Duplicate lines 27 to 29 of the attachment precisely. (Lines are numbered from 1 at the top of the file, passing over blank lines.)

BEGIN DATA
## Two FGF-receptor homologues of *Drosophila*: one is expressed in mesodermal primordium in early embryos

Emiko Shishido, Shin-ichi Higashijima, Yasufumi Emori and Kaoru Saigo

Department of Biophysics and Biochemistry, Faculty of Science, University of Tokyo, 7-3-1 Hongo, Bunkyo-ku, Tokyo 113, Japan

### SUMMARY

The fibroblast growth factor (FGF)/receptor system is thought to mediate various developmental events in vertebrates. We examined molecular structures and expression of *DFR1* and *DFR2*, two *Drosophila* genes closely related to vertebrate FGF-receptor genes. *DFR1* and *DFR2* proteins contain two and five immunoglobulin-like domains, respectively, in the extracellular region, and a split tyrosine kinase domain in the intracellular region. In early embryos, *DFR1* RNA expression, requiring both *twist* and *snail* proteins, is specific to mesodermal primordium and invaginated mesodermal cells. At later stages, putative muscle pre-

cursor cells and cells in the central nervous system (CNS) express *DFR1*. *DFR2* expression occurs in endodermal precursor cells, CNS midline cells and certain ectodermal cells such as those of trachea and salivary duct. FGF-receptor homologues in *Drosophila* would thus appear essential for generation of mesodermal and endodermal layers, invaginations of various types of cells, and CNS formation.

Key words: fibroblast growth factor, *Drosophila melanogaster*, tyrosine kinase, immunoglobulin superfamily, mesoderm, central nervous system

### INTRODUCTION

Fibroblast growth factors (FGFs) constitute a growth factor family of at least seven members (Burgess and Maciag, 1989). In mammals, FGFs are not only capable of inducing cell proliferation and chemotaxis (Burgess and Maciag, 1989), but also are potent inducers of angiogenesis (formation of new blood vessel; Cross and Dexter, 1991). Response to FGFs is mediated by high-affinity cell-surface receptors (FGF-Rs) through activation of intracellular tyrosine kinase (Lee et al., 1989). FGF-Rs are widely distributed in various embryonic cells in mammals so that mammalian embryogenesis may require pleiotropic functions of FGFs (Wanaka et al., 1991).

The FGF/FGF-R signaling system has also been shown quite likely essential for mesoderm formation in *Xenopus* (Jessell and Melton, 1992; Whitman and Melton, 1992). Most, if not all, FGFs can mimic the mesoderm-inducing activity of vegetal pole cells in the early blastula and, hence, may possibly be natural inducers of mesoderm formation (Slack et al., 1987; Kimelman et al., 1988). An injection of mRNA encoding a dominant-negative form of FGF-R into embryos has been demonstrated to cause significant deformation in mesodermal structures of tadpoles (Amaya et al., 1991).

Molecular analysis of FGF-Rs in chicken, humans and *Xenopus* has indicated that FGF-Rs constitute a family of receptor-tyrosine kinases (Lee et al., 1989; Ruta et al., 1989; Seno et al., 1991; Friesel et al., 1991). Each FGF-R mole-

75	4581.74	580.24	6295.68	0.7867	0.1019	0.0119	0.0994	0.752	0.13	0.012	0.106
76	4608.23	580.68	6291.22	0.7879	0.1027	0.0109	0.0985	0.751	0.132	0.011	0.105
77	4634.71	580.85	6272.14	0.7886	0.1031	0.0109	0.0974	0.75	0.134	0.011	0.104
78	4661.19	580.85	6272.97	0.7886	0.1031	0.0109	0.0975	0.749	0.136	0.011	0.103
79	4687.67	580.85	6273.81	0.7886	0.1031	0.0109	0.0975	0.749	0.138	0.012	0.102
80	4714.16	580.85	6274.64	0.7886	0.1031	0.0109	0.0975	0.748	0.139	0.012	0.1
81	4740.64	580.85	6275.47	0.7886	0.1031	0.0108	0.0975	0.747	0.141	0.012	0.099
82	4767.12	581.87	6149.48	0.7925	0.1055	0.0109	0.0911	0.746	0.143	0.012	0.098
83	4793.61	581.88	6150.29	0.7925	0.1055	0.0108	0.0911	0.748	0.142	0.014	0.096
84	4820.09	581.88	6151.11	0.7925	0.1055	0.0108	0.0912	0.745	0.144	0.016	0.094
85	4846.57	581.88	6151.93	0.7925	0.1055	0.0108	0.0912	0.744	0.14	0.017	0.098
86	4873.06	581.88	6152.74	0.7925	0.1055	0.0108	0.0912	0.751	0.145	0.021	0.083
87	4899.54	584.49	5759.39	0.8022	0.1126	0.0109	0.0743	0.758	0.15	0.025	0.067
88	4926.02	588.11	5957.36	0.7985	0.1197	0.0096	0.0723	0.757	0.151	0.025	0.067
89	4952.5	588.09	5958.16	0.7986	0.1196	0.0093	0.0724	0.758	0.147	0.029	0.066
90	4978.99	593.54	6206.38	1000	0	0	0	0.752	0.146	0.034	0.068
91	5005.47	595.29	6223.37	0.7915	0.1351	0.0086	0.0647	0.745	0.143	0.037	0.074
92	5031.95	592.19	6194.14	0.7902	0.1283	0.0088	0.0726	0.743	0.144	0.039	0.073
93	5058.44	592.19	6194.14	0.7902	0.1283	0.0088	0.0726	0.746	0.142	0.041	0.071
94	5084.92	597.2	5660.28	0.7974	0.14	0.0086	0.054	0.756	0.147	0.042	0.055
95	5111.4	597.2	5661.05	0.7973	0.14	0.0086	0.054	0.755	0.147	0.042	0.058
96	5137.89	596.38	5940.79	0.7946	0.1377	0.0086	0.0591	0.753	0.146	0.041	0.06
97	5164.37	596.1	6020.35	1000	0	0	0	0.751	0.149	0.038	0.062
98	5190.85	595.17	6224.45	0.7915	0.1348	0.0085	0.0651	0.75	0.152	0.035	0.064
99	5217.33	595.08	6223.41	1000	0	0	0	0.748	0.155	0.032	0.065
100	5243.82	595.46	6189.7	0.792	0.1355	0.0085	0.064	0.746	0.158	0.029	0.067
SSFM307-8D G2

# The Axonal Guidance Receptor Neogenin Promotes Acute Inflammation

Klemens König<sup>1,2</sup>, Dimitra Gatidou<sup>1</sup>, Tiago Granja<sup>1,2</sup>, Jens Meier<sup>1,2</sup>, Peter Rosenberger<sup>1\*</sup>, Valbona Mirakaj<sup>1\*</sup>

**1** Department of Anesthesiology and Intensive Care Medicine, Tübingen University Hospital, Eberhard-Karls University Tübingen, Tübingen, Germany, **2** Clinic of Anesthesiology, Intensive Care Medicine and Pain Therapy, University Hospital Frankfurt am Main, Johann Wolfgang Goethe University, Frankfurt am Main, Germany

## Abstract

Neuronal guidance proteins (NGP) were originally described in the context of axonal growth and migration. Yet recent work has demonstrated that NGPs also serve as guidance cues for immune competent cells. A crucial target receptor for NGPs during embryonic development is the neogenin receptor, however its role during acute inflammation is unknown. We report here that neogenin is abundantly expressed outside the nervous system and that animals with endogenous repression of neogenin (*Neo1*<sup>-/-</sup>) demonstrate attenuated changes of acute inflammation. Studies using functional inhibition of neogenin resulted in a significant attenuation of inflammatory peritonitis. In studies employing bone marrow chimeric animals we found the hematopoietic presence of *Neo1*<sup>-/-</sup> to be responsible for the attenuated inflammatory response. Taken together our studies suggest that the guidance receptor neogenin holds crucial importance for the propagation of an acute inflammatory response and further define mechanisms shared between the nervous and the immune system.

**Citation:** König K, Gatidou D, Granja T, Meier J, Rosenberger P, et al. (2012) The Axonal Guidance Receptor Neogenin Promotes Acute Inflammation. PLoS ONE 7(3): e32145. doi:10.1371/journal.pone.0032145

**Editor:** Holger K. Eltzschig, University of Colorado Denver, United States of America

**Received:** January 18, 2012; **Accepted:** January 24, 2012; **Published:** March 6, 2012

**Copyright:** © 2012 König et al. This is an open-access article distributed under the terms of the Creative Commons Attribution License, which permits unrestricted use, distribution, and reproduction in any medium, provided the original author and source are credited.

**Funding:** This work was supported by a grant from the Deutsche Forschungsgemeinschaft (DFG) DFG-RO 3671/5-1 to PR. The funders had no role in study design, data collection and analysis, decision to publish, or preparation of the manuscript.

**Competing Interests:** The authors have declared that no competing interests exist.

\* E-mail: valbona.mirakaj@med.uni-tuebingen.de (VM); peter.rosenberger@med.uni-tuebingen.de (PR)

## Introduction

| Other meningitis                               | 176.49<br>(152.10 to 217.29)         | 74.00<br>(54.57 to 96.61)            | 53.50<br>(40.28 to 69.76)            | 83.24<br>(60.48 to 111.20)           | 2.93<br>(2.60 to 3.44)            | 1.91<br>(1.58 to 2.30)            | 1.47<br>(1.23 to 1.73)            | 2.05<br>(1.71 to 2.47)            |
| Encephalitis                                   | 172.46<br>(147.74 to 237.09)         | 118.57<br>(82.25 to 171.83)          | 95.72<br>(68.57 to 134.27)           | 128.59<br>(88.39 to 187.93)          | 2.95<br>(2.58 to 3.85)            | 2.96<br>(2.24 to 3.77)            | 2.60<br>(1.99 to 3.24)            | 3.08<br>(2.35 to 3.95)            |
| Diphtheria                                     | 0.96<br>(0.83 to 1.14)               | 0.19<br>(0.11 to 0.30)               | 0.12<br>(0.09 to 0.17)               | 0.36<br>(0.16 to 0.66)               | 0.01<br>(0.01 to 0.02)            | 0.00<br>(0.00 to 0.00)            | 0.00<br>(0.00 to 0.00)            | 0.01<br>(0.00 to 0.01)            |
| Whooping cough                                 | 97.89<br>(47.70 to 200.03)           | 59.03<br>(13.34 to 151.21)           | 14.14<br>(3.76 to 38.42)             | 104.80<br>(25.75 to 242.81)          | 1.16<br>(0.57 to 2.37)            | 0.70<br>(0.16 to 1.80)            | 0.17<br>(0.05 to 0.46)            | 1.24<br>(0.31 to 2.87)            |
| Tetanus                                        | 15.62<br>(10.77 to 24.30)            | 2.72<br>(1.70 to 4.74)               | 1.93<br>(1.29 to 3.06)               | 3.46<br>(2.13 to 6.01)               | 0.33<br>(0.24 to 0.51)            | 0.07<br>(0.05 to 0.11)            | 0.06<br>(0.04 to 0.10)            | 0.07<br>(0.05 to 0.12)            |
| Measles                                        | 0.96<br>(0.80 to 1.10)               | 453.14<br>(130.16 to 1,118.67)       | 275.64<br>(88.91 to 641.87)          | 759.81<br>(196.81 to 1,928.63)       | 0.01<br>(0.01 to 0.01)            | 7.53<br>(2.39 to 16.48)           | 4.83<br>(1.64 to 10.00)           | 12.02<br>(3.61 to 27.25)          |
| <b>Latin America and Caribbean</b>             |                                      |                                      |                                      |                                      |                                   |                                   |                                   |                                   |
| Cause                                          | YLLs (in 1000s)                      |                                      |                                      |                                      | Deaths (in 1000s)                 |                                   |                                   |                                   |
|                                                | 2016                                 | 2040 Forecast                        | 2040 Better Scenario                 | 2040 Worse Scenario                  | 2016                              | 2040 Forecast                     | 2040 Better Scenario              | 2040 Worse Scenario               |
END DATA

90	4978.99	593.54	6206.38	1000	0	0	0	0.752	0.146	0.034	0.068
91	5005.47	595.29	6223.37	0.7915	0.1351	0.0086	0.0647	0.745	0.143	0.037	0.074
92	5031.95	592.19	6194.14	0.7902	0.1283	0.0088	0.0726	0.743	0.144	0.039	0.073